LLOYDMINSTER — Bob Tosh doesn’t have a one-size-fits-all solution for estate planning, but he says the most important thing farmers can do is involve every family member in discussions.
When everyone is at the table, he said, there will be no surprises when the will is read.
“Divide your assets however you want, but I recommend you have a conversation with your family,” said Tosh, a family business adviser with MNP, during his presentation at Agri-Visions in Lloydminster Feb. 14.
“Allow your family members to have a voice, allow them to express their opinion and give them a fair process. They might not be happy but at least they aren’t going to be surprised.”
Tosh said many people don’t have these conversations because they can be difficult.
But by having everyone at the table, he said, family members don’t need to assume or guess what their future on the farm will be.
“It gives you an opportunity to deal with the issue while you’re still alive,” he said.
“The only thing we are going to leave is a legacy. Most people don’t want to leave their families in disarray. They want to leave a good legacy.”
He said wills essentially formalize everyone’s expectations.
He recommended farmers write a will if they haven’t already, reviewing them every three years to ensure they are correct.
Make sure it’s made clear that everyone knows what they are getting, he added.
“Do the math. It helps you understand what your will says and that you understand the differences in what some children are getting over others.”
He said it’s important to understand that gifting assets work differently when a farm is incorporated.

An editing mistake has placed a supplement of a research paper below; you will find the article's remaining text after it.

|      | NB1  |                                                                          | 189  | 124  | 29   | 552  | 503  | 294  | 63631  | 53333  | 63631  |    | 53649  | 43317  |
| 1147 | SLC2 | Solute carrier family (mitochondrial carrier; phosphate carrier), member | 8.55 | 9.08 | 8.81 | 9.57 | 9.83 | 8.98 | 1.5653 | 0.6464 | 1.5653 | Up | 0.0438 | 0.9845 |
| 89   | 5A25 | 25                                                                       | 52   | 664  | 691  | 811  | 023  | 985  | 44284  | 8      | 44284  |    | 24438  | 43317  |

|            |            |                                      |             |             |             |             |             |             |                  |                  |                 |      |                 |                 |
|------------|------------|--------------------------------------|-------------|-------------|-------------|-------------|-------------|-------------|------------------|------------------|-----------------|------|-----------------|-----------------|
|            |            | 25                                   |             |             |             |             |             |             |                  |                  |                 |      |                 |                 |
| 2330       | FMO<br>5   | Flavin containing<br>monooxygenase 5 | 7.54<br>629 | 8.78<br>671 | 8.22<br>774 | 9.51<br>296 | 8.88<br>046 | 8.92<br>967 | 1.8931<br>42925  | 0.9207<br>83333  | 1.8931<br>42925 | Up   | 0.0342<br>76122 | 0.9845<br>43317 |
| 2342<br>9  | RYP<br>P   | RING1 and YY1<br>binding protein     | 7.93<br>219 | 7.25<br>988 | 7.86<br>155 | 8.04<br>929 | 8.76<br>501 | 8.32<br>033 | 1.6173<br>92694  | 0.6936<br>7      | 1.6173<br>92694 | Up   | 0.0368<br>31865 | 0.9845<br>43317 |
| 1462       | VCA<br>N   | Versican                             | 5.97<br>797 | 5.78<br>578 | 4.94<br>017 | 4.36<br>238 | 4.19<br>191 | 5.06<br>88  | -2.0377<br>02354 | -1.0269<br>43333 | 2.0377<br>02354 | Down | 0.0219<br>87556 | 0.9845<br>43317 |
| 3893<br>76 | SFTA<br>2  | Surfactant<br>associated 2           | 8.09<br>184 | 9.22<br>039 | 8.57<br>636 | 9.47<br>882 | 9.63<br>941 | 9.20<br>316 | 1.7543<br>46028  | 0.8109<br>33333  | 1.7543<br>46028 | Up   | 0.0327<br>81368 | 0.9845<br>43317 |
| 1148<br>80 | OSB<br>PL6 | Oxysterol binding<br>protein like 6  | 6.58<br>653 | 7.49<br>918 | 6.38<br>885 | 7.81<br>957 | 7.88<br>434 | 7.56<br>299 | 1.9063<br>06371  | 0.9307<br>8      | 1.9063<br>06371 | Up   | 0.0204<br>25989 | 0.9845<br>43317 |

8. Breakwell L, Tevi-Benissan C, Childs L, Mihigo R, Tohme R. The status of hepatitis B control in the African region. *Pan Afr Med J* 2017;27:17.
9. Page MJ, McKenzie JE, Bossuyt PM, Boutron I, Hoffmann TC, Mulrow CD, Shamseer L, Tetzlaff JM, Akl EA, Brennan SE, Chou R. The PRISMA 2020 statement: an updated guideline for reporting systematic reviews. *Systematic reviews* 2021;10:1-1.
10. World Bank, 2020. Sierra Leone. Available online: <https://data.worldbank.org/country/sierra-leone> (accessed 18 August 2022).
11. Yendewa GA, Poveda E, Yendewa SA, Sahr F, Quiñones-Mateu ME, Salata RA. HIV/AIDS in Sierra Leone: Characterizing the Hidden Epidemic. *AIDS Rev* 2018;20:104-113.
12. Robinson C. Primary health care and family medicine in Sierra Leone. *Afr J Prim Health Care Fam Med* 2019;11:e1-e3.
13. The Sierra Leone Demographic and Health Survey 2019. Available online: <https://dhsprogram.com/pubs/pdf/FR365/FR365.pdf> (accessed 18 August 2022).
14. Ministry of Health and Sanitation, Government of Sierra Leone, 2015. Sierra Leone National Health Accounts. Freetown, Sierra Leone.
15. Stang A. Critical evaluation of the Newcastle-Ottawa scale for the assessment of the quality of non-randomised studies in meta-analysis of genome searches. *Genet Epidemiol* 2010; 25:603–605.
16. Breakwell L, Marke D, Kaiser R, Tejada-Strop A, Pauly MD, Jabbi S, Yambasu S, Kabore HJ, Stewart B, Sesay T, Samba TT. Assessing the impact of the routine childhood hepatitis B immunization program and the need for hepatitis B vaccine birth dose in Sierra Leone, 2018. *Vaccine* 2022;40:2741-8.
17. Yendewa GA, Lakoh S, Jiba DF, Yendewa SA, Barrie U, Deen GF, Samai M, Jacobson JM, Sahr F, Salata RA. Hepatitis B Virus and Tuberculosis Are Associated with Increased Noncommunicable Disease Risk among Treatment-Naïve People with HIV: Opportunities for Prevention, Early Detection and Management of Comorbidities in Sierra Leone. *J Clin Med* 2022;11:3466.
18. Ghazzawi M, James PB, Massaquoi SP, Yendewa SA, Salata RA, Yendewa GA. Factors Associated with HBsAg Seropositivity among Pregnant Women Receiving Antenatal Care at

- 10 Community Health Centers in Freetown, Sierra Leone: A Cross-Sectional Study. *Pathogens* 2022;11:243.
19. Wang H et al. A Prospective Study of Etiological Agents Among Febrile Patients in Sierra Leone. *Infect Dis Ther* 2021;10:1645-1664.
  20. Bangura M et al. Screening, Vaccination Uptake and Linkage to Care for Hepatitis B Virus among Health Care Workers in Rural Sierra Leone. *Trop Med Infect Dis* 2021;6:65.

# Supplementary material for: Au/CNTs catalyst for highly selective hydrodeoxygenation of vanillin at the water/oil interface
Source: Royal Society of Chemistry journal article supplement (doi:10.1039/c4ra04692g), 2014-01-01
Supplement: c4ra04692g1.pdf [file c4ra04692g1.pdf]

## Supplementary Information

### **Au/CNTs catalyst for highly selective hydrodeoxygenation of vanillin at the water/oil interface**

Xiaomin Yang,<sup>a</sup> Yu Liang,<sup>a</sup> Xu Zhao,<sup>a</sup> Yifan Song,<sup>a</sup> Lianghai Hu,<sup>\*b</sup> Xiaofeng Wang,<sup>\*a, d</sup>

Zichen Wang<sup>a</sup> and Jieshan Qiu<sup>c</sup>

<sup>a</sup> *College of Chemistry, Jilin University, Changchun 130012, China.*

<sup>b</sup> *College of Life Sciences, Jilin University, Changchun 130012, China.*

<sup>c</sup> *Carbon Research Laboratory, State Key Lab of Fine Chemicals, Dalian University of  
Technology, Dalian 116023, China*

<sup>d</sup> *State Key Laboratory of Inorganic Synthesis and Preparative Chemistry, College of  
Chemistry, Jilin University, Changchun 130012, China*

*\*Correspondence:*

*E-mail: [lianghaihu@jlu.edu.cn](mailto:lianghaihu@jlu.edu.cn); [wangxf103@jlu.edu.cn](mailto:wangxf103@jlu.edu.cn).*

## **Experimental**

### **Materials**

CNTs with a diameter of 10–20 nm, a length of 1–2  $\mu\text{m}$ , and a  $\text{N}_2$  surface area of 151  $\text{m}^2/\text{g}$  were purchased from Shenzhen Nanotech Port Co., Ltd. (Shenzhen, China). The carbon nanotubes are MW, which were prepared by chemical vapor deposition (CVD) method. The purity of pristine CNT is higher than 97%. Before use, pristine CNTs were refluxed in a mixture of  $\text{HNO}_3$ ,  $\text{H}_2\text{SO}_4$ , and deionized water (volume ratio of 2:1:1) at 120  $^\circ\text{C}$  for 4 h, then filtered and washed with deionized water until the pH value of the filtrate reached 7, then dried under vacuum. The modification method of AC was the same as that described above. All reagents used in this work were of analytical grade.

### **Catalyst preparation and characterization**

For instance, he said, farmers can’t gift land when incorporated. They can only gift shares.
“People often don’t understand the responsibilities of share ownership, what they are inheriting or the rules.”
He said farmers can gift land if they are personal assets.
As well, he added, it’s crucial to know taxation rules when transitioning the farm.
Tosh said tax deferrals might not apply if the farm is transitioned to a non-direct family member, like a niece or nephew.
“If we miss the qualification, the tax can be substantial.”
Tosh said families have benefited by having estate planning conversations beforehand. Usually, he said, most non-farming kids just want a place to come home to when their parents pass away.
“Most non-farming kids aren’t entitled. We want everyone to have a voice, expressing their viewpoint at the table.”
While many families are able to work through potential conflicts smoothly, those who resort to physical violence will need professional mediation, he said.
“Before we walk in with any planning, we need to bring people out of that conflict situation,” he said. “We need everyone thinking clearly.”